The human brain and visual system allow us to interpret the world and create our perception of the remarkably complex environment around us. It continues to provide endless study into areas including neuroscience, cognitive processes and visual perception.
Pareidolia is the term used to categorise those instances when something seen or heard is perceived as a known or significant and therefore recognisable. Patterns or shapes, especially the human face, can be created within purely random shadows or from cloud formations, stains or shapes in nature – almost anywhere that a combination of elements can trigger an incidental ‘false’ recognition of form. Our ventral fusiform cortex responds to combinations matching facial structure and interprets this shape stimulus as significant and activates an almost immediate recognition response.
Instances of seeing recognizable faces and figures include the many examples of claimed religious imagery, visible as recognisable portraits of Jesus Christ, the Virgin Mary and others from a wide range of beliefs and religions. Faces or figures are formed on cloth, amongst smoke, in damp stains and through many, many other bizarre circumstances.
The most popular occurrence for witnessing human or animal forms involves finding shapes in the clouds. This has long been an easy source for the phenomenon and most of us would have found something resembling a known shape at some point. A quick web search will locate many photographic examples and numerous websites dedicated to searching the sky for these recognisable forms.
Personally, I see a lot of these materialisations and have used many of them as part of the concept stage for generating illustrations. These occurrences are very well suited to fantasy art and therefore help to generate ideas of a fantastic nature – something useful to me and the type of work I enjoy producing. Below are a few examples of recent creature sketches, produced from photographs taken whilst looking for reference material:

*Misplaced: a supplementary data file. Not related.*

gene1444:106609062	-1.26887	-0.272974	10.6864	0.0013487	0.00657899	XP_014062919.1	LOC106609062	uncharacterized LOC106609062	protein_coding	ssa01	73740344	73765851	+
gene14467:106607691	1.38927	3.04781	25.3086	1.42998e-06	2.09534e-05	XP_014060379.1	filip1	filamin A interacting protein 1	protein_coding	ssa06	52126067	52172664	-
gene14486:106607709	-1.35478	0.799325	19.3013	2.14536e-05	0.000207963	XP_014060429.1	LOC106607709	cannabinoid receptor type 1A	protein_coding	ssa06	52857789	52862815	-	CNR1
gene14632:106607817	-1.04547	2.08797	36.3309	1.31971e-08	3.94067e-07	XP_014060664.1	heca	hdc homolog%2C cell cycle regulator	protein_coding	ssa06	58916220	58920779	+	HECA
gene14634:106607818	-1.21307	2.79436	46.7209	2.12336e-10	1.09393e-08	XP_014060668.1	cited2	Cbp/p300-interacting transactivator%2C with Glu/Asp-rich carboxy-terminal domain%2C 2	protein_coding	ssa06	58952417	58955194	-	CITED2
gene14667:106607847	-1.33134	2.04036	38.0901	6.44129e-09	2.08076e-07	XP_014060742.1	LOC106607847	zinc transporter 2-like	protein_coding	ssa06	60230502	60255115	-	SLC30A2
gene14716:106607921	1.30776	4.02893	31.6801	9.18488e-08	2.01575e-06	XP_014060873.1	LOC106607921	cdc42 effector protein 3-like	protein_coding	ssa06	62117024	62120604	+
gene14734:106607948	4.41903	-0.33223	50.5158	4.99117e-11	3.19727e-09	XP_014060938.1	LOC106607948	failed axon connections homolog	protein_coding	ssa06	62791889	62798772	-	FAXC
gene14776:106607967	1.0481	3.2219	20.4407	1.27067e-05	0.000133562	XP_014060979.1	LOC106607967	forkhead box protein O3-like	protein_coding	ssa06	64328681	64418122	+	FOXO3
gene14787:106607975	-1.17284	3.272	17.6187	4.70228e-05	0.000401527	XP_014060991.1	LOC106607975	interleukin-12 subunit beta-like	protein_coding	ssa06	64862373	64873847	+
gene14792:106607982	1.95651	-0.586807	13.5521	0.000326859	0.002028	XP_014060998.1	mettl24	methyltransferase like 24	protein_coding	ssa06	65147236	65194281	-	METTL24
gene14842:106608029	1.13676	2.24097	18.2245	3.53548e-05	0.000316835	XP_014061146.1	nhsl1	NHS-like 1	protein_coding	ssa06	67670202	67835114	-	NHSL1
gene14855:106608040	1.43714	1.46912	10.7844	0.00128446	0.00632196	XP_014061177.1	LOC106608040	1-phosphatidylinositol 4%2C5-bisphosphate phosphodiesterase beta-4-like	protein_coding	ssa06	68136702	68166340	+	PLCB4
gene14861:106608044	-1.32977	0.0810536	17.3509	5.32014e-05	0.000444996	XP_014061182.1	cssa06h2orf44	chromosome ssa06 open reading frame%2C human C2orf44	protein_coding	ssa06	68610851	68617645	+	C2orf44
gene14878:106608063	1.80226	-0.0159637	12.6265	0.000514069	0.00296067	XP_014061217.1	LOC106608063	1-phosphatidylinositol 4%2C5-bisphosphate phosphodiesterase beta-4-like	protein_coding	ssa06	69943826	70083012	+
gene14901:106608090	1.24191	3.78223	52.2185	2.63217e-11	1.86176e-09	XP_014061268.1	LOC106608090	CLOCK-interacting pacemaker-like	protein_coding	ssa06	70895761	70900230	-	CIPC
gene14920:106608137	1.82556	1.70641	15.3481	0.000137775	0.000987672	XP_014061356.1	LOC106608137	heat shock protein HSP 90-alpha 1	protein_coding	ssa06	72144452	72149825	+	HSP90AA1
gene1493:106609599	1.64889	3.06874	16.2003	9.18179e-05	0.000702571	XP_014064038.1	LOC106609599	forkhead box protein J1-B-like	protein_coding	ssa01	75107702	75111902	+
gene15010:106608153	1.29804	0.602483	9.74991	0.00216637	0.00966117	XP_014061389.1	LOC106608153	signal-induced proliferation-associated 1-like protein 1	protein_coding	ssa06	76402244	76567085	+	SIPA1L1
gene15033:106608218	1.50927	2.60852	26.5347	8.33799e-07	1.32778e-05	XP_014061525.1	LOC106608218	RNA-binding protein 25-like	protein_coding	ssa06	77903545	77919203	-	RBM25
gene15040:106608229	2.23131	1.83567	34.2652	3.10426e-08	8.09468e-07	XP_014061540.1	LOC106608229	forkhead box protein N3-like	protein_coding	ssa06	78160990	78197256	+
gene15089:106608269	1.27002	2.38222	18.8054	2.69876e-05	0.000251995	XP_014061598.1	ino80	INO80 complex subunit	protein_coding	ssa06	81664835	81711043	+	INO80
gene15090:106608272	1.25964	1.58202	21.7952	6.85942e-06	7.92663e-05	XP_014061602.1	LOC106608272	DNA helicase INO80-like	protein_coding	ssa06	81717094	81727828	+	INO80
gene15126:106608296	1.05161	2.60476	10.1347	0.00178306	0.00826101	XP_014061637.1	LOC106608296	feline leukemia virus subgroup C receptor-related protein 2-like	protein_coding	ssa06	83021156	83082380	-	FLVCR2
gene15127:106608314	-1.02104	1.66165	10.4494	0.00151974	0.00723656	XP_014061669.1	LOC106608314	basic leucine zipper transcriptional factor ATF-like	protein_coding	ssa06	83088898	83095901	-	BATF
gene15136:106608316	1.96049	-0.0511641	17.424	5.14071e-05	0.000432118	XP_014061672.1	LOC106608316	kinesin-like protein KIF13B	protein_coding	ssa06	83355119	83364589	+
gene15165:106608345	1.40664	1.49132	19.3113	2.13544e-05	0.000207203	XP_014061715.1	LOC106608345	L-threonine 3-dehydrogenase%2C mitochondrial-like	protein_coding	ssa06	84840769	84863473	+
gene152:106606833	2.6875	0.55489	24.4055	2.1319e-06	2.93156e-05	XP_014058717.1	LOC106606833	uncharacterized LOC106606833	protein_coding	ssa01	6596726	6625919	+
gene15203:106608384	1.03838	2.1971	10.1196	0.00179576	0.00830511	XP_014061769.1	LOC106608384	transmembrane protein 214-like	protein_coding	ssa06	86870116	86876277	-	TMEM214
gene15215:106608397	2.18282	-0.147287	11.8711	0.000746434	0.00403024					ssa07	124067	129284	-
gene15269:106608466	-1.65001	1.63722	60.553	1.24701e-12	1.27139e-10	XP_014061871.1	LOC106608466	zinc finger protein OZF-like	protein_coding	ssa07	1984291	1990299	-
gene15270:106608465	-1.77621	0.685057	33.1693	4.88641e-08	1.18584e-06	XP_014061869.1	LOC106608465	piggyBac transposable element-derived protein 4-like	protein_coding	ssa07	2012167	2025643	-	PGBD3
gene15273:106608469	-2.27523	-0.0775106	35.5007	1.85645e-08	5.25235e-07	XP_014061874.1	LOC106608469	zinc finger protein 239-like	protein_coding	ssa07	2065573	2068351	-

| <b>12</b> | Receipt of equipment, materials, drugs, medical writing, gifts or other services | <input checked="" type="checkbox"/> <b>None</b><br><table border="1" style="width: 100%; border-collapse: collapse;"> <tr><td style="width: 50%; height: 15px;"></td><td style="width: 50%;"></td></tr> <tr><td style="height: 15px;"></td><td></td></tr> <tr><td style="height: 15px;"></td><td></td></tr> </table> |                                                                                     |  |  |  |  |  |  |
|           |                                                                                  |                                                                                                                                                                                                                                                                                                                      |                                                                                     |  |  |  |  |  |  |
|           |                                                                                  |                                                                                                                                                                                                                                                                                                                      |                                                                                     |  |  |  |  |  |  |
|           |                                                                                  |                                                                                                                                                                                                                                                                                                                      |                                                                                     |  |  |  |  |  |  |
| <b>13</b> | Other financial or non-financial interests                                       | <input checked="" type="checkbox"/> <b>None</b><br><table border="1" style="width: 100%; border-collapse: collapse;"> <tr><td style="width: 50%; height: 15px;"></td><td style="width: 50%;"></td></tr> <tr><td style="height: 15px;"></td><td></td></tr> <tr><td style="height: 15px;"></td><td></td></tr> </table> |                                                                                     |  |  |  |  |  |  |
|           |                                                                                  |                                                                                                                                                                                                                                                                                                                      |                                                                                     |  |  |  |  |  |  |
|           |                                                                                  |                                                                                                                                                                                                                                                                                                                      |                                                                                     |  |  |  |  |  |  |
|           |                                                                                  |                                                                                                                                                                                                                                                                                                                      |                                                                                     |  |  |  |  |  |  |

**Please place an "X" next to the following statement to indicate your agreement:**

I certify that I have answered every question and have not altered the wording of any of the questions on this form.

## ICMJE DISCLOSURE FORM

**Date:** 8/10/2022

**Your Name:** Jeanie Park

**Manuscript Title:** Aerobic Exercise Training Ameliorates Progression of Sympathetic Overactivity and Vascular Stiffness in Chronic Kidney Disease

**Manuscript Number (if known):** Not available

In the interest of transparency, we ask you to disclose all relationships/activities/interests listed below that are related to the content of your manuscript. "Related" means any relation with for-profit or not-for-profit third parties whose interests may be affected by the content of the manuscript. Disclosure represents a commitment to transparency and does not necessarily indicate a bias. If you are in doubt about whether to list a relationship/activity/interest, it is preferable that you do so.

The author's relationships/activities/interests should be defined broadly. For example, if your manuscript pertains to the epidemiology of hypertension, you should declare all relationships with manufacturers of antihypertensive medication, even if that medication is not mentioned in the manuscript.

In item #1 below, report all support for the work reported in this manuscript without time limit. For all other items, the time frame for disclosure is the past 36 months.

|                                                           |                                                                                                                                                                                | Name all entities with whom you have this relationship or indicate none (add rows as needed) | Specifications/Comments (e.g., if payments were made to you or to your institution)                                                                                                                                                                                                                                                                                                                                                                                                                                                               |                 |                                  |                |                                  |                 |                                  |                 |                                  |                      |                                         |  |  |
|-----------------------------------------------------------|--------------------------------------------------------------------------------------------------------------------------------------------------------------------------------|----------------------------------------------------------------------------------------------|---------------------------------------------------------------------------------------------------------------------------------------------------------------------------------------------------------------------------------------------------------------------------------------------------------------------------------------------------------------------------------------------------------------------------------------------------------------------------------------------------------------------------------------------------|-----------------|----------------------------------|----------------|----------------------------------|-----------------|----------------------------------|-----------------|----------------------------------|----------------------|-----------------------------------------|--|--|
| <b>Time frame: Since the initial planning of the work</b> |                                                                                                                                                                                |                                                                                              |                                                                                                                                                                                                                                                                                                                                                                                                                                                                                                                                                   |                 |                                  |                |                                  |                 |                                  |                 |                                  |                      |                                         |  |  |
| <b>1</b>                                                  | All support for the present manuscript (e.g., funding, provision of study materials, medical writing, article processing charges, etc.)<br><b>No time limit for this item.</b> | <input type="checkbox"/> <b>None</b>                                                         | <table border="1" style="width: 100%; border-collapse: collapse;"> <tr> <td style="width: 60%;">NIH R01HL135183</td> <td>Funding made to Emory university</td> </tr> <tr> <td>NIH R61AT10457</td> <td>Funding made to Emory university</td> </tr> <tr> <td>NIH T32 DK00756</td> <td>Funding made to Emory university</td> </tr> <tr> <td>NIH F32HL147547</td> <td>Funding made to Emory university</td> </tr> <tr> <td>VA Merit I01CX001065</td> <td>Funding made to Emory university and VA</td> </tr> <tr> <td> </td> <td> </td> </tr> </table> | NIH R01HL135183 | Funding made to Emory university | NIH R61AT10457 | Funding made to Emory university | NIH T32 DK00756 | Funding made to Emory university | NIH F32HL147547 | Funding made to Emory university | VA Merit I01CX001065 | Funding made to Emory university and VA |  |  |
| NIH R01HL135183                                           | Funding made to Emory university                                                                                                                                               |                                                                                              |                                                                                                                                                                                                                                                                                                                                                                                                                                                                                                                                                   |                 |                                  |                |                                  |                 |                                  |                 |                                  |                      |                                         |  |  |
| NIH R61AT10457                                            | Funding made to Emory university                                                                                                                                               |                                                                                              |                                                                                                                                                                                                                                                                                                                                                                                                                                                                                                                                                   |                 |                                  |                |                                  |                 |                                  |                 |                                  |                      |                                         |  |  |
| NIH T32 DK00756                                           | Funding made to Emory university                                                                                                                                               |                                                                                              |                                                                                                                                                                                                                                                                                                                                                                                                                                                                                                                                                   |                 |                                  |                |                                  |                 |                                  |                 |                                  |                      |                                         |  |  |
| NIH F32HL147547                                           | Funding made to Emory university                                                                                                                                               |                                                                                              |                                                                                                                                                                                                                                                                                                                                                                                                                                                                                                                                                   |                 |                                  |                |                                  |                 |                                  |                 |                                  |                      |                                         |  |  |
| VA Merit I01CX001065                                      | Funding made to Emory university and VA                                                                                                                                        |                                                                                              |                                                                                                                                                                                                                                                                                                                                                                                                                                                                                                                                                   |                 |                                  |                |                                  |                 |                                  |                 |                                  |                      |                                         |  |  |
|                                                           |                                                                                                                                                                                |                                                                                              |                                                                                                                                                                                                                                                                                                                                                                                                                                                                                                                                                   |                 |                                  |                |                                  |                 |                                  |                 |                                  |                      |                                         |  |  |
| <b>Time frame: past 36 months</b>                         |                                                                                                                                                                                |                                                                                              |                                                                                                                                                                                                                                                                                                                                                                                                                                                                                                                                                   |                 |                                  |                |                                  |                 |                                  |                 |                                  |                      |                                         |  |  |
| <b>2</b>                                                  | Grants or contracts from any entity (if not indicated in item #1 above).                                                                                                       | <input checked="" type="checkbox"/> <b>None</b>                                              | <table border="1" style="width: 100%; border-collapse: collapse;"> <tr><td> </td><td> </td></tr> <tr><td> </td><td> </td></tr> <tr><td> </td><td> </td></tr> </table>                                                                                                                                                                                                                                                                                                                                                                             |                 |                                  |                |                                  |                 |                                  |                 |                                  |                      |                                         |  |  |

Capturing a random collection of shapes and shadows and finding a recognisable form amongst them is an excellent technique to aid seeing the detail in the world around you. As a designer and illustrator this proves to be a great source of training for the mind and an enjoyable activity of discovery.
Following on from here we could continue with an in-depth discussion regarding visual rules for patterns and composition: the rule of odds, golden spiral and the rule of thirds. All relate to perceived visual harmony, balance and beneficial structure. Our brain operates with various specialised areas determining particular input signals and when exposed to certain stimulus quickly links to known and desirable patterns and forms. Understanding how we react to many of these rules offers insight into why we see and feel what we do and poses even further questions regarding our place in the world.
So, keep your eyes open and the brain fully alert – pattern recognition is positively endless!